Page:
Chris Ritter: Full Capacity

Chris Ritter is a former college swimmer at Cal State-Bakersfield, and is the founder of RITTER Sports Performance. He has trained two Olympic Gold Medalists along with numerous other national and international level swimmers. He has used his educational background (a degree in Exercise Science) and swimming experience to develop the RITTERFAST, RITTERLIVE, and RITTERSURGE training systems. Follow him on Twitter at @RITTERSP.

To read more of Chris’ writing, click “Ritter Sports Performance” underneath the title at the top of this page.


Full Capacity

For the past three weeks I’ve laid out the foundational training philosophy of RITTERSURGE. You first develop efficiency. From there you move to speed. And in this final week I’ll discuss the most common but also the most misunderstand focus area in your training – capacity.

What exactly is that? You don’t hear that term thrown around the pool deck very often. When your focus area in training is capacity the goal is maintaining both technique and velocity. It’s the skill of combining two, seemingly opposite characteristics – speed and efficiency.

Capacity focused training is when a swimmer experiments with how best to combine swimming speed with swimming efficiency.

The goal isn’t a single dimension such as increasing volume. It’s the culmination of maintaining the efficiency you’ve developed along with the speed you’ve recently discovered. And now it’s the fun part of seeing how long you can hold your new stroke.

This is the most logical way to train in the water. If you’ve worked hard trying to re-learn motor patterns with a new stroke. And then pushed yourself really hard to achieve new levels of speed. It only makes sense that you want to keep both of these changes to create your new stroke. The last part of training is just seeing how long you can hold it. Your goal to maintain it longer and longer with great consistency is the obvious thing to do.

I really believe this order of training works best in the big picture. And unfortunately this is where many in swimming put the cart before the horse.

USA Swimming is classified by the USOC, in Colorado Springs, as an endurance sport. Not because of the actual nature of the sport. It’s a result of how the majority of coaches and teams actually train. Reread those last two sentences and ponder that for just a second.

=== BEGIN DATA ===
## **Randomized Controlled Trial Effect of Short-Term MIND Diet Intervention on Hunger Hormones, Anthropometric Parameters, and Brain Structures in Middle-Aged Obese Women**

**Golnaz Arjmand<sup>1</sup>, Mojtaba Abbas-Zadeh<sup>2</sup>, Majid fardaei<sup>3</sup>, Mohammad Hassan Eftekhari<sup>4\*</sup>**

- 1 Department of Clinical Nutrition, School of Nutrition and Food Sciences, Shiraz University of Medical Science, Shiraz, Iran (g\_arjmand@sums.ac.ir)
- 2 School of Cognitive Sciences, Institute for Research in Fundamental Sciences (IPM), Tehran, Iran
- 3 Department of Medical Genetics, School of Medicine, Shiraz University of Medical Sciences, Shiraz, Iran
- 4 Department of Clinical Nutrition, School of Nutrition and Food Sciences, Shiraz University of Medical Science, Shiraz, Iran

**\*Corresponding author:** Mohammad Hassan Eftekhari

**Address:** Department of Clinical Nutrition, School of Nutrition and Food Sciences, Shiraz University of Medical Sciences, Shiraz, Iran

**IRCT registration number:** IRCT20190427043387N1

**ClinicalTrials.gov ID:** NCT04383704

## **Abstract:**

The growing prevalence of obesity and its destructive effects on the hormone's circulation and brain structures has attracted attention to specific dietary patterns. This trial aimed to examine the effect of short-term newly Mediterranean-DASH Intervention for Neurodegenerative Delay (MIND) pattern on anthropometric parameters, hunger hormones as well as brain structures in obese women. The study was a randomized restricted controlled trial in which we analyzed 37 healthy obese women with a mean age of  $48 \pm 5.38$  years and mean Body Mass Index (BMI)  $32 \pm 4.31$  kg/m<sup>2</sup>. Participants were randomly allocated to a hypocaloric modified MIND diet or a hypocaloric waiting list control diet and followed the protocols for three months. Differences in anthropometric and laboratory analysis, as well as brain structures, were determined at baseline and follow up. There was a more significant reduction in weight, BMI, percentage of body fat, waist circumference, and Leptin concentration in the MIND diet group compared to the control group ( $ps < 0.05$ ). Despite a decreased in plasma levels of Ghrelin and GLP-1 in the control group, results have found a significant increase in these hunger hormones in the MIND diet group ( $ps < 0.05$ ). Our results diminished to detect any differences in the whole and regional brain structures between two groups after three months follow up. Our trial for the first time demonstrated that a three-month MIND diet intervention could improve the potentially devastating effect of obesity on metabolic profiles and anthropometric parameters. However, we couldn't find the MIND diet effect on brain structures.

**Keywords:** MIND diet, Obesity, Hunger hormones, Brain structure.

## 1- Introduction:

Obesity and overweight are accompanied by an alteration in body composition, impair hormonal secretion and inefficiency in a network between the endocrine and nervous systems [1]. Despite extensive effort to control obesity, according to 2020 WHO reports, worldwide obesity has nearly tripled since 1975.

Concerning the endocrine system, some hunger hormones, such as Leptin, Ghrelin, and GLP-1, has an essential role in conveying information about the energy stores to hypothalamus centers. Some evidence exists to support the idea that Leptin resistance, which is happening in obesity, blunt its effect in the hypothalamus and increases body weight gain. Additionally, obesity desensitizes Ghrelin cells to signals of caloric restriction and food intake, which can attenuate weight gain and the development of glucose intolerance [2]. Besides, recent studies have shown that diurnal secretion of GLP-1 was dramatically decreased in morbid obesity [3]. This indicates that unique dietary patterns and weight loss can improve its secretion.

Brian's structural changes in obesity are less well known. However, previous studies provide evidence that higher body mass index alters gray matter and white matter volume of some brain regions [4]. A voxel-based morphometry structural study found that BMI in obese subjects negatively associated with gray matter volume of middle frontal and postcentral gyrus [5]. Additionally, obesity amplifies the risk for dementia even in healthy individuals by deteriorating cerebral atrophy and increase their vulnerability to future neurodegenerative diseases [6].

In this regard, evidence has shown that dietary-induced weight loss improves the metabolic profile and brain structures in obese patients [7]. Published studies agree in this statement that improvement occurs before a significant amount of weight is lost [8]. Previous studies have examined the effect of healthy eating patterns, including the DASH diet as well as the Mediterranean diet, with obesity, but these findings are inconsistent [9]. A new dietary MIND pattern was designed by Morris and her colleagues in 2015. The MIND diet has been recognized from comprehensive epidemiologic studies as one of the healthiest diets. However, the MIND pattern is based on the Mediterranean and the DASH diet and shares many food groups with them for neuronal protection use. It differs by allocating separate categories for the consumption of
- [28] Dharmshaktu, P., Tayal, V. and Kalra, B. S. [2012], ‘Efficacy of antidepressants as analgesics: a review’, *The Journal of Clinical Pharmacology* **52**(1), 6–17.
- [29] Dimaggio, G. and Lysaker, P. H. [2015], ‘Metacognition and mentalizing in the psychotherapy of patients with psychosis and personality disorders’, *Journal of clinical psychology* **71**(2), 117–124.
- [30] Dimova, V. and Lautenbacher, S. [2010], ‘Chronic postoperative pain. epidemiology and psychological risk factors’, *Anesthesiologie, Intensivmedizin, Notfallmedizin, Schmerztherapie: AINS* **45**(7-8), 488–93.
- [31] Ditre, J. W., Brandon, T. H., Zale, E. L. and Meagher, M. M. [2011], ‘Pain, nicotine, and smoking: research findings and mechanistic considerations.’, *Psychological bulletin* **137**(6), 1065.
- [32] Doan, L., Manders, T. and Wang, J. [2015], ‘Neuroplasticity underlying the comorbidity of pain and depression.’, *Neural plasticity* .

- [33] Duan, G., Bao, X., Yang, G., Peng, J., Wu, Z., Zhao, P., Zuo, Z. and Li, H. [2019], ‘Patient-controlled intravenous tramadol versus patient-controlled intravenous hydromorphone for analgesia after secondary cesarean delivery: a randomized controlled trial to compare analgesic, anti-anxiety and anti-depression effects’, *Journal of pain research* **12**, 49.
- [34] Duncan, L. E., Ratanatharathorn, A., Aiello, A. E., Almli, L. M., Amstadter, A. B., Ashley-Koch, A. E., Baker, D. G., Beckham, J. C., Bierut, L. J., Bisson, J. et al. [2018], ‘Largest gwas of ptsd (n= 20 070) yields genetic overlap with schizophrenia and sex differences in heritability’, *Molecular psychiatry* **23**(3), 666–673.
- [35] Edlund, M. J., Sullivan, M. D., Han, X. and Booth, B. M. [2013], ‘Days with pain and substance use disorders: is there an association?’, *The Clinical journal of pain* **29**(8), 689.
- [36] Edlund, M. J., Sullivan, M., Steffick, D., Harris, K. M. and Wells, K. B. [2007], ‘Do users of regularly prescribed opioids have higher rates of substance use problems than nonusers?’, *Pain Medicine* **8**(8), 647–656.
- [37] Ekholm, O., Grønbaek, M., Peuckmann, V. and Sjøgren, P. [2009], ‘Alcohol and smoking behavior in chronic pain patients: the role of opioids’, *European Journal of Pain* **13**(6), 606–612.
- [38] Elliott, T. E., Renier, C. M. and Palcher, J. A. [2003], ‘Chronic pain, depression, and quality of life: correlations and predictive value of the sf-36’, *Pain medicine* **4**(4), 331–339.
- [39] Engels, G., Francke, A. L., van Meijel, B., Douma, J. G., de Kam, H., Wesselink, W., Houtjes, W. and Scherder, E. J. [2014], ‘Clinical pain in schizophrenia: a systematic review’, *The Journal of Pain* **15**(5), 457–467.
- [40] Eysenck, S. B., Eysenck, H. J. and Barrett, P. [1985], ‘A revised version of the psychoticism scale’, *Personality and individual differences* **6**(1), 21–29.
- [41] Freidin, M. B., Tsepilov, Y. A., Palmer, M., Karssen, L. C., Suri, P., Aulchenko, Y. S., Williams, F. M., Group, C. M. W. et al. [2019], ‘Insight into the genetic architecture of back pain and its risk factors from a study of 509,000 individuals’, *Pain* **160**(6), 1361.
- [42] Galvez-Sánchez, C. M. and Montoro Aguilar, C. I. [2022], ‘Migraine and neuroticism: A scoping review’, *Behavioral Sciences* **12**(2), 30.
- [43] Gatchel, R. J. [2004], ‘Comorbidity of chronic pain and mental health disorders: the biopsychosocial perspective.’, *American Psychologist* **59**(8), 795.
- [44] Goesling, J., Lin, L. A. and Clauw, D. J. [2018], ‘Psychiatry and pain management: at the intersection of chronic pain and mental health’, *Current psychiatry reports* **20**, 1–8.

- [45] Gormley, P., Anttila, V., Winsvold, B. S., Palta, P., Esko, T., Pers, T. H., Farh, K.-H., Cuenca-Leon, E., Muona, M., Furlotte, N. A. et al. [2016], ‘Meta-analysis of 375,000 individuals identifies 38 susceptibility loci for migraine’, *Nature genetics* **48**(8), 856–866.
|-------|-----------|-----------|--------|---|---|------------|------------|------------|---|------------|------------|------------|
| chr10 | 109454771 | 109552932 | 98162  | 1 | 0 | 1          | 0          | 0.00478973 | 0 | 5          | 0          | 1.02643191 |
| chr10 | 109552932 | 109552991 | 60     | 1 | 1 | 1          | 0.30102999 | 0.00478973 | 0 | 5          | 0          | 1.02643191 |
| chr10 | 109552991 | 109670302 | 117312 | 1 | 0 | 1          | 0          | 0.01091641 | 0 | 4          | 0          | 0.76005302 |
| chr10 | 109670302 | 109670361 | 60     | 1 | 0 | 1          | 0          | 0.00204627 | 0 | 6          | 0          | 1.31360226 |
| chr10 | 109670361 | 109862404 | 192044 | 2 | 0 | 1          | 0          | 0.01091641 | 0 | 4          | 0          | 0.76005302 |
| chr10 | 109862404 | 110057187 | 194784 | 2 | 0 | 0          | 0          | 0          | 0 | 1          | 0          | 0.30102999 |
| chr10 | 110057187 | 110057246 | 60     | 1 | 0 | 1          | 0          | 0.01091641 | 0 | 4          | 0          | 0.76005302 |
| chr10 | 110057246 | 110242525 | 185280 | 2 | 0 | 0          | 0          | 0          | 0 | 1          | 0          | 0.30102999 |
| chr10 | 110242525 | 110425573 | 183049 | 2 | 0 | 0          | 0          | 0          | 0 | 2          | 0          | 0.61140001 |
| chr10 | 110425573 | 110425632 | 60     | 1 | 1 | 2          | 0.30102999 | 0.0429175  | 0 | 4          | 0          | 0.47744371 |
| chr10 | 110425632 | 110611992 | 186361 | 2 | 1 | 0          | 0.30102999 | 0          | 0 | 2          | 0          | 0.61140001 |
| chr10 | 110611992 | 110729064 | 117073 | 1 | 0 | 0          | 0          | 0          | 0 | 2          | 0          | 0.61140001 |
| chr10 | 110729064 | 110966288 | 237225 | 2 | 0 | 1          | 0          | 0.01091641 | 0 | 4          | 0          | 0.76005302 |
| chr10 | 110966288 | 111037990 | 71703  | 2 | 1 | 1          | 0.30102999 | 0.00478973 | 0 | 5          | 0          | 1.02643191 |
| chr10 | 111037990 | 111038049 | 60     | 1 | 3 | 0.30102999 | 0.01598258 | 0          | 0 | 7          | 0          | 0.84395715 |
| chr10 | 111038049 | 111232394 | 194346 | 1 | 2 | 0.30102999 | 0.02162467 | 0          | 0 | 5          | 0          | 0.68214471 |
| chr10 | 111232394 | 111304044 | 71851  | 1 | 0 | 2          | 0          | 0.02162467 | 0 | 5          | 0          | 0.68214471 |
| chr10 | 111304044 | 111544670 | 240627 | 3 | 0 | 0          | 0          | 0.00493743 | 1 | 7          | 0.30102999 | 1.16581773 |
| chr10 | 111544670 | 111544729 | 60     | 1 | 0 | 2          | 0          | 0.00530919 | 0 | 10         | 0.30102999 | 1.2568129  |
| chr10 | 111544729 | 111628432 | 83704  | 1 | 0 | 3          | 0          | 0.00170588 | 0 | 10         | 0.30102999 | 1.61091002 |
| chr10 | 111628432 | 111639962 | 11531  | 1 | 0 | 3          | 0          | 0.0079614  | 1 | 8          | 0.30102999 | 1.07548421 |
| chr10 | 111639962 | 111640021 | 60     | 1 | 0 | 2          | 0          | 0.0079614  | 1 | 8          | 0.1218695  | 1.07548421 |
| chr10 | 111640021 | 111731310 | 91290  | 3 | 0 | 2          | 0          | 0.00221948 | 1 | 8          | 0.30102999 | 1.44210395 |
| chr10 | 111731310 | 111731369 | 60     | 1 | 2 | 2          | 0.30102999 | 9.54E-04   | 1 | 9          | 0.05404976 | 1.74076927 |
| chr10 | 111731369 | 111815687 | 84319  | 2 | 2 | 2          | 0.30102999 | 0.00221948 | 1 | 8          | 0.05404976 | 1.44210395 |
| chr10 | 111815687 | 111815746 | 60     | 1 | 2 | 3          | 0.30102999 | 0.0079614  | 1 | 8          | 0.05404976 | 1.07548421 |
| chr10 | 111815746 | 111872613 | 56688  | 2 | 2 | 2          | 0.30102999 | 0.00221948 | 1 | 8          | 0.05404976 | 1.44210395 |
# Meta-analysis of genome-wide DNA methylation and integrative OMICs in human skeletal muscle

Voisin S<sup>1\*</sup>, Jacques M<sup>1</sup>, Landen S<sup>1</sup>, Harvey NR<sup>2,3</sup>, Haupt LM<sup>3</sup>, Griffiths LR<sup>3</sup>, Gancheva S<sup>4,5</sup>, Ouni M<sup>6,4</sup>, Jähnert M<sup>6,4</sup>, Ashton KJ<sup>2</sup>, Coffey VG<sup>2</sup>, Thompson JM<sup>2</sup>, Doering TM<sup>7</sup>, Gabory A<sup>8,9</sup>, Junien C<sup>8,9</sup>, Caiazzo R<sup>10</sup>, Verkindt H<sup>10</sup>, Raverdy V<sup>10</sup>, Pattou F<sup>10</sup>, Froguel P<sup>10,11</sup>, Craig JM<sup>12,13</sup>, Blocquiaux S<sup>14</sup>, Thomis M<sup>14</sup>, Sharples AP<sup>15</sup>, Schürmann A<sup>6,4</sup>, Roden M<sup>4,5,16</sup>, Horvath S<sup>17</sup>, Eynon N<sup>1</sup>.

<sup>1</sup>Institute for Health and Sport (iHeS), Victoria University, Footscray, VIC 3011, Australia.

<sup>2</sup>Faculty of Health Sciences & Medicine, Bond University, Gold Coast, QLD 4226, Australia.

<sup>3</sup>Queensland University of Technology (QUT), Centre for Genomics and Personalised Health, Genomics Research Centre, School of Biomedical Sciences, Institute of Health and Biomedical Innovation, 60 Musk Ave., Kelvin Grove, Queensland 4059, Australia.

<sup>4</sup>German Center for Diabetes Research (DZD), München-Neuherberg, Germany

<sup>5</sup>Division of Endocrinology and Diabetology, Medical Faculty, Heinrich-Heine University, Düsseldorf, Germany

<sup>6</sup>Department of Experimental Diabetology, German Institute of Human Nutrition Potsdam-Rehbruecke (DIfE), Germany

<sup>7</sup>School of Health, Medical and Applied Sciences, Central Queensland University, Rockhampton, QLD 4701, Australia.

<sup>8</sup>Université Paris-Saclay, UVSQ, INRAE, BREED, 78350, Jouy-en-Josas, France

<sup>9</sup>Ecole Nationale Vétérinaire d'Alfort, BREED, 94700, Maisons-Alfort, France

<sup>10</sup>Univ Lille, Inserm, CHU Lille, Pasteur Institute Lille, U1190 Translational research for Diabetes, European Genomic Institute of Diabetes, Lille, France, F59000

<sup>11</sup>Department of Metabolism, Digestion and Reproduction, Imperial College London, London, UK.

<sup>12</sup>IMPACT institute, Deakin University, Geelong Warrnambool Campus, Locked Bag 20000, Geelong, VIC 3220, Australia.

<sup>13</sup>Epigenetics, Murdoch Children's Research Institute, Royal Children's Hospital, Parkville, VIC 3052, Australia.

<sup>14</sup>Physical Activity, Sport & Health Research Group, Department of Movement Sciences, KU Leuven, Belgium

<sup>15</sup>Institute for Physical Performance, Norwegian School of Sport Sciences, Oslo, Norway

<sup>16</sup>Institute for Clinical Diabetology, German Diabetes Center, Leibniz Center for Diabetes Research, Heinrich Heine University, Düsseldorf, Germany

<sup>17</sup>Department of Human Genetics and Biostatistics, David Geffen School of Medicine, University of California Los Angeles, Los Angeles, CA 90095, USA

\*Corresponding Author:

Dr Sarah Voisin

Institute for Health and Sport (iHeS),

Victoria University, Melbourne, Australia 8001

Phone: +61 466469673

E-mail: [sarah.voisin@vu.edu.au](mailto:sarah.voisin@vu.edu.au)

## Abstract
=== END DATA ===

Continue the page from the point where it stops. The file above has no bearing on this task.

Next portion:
I’m not proposing that you shouldn’t do any endurance training. Please don’t jump to that conclusion.

My position is though that coaches often misapply endurance training with their swimmers. In addition this training is too narrow in scope. It’s usually because of a lack of basic physiological knowledge. (Check out Build Your Foundation for a quick 101 lesson.)

The question I have for many in the sport is simple when they tell me they’re in an “endurance phase” or “building phase.”

What are you building?

What racing quality are you trying to endure longer?

Many swimmers are working really hard trying to maintain a swimming quality that they never trained in the first place. This is result of narrowly focusing on endurance first. Before efficiency and speed.

This is a big light bulb moment in training: understanding that if you want to develop endurance you first need some quality you wish to endure.

If you were to go right to endurance training first and go backwards much of the work you’d do at the beginning is wasting your time because you haven’t developed anything new in your stroke yet.

This is why capacity is more than how many yards you can cram in a session. And even more why you should train in the water with this philosophical order.

It’s about using the racing qualities you’ve developed and molding them to fit your events as a swimmer. You get the opportunity to truly construct your own stroke for your own race. Isn’t that what your training should really be about?

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About Braden Keith

Braden Keith

Braden Keith is the Editor-in-Chief and a co-founder of SwimSwam.com. He first got his feet wet by building The Swimmers' Circle beginning in January 2010, and now comes to SwimSwam to use that experience and help build a new leader in the sport of swimming. Aside from his life on the InterWet, …

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